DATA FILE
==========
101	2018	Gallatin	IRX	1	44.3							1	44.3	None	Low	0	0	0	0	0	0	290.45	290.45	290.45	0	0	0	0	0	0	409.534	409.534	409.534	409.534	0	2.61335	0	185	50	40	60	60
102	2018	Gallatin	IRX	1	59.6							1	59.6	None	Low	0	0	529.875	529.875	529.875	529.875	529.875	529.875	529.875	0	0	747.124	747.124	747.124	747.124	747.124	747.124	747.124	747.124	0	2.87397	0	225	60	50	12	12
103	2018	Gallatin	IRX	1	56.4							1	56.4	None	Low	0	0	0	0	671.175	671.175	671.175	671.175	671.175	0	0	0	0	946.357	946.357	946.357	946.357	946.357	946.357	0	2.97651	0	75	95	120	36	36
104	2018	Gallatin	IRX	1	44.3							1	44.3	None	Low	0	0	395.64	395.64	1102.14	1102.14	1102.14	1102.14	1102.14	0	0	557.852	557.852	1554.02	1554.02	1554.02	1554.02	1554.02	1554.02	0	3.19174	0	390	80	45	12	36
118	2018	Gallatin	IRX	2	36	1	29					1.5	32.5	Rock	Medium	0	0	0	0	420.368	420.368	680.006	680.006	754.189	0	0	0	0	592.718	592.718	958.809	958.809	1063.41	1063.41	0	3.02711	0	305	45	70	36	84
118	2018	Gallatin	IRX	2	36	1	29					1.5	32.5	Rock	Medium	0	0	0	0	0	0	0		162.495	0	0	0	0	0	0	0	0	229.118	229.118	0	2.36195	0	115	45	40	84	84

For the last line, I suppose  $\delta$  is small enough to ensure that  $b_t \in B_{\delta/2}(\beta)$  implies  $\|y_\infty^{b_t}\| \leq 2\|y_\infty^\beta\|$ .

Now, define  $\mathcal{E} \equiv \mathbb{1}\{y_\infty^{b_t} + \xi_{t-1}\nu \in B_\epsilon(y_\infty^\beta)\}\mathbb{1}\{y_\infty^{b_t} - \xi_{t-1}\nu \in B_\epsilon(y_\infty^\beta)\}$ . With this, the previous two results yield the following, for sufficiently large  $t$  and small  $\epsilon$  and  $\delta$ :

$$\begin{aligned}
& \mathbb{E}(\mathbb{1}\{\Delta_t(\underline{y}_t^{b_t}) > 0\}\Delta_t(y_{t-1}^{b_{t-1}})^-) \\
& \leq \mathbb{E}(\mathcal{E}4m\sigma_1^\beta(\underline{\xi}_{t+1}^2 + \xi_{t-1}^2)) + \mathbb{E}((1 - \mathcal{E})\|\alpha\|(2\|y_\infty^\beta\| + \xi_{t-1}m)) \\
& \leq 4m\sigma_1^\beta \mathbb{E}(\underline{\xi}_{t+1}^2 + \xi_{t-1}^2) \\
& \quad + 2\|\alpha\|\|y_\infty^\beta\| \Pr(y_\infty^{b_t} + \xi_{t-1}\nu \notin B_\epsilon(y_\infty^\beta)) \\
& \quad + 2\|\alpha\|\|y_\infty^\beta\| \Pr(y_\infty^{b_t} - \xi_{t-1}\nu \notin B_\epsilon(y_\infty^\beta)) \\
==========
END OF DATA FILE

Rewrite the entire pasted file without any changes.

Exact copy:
101	2018	Gallatin	IRX	1	44.3							1	44.3	None	Low	0	0	0	0	0	0	290.45	290.45	290.45	0	0	0	0	0	0	409.534	409.534	409.534	409.534	0	2.61335	0	185	50	40	60	60
102	2018	Gallatin	IRX	1	59.6							1	59.6	None	Low	0	0	529.875	529.875	529.875	529.875	529.875	529.875	529.875	0	0	747.124	747.124	747.124	747.124	747.124	747.124	747.124	747.124	0	2.87397	0	225	60	50	12	12
103	2018	Gallatin	IRX	1	56.4							1	56.4	None	Low	0	0	0	0	671.175	671.175	671.175	671.175	671.175	0	0	0	0	946.357	946.357	946.357	946.357	946.357	946.357	0	2.97651	0	75	95	120	36	36
104	2018	Gallatin	IRX	1	44.3							1	44.3	None	Low	0	0	395.64	395.64	1102.14	1102.14	1102.14	1102.14	1102.14	0	0	557.852	557.852	1554.02	1554.02	1554.02	1554.02	1554.02	1554.02	0	3.19174	0	390	80	45	12	36
118	2018	Gallatin	IRX	2	36	1	29					1.5	32.5	Rock	Medium	0	0	0	0	420.368	420.368	680.006	680.006	754.189	0	0	0	0	592.718	592.718	958.809	958.809	1063.41	1063.41	0	3.02711	0	305	45	70	36	84
118	2018	Gallatin	IRX	2	36	1	29					1.5	32.5	Rock	Medium	0	0	0	0	0	0	0		162.495	0	0	0	0	0	0	0	0	229.118	229.118	0	2.36195	0	115	45	40	84	84

For the last line, I suppose  $\delta$  is small enough to ensure that  $b_t \in B_{\delta/2}(\beta)$  implies  $\|y_\infty^{b_t}\| \leq 2\|y_\infty^\beta\|$ .

Now, define  $\mathcal{E} \equiv \mathbb{1}\{y_\infty^{b_t} + \xi_{t-1}\nu \in B_\epsilon(y_\infty^\beta)\}\mathbb{1}\{y_\infty^{b_t} - \xi_{t-1}\nu \in B_\epsilon(y_\infty^\beta)\}$ . With this, the previous two results yield the following, for sufficiently large  $t$  and small  $\epsilon$  and  $\delta$ :

$$\begin{aligned}
& \mathbb{E}(\mathbb{1}\{\Delta_t(\underline{y}_t^{b_t}) > 0\}\Delta_t(y_{t-1}^{b_{t-1}})^-) \\
& \leq \mathbb{E}(\mathcal{E}4m\sigma_1^\beta(\underline{\xi}_{t+1}^2 + \xi_{t-1}^2)) + \mathbb{E}((1 - \mathcal{E})\|\alpha\|(2\|y_\infty^\beta\| + \xi_{t-1}m)) \\
& \leq 4m\sigma_1^\beta \mathbb{E}(\underline{\xi}_{t+1}^2 + \xi_{t-1}^2) \\
& \quad + 2\|\alpha\|\|y_\infty^\beta\| \Pr(y_\infty^{b_t} + \xi_{t-1}\nu \notin B_\epsilon(y_\infty^\beta)) \\
& \quad + 2\|\alpha\|\|y_\infty^\beta\| \Pr(y_\infty^{b_t} - \xi_{t-1}\nu \notin B_\epsilon(y_\infty^\beta)) \\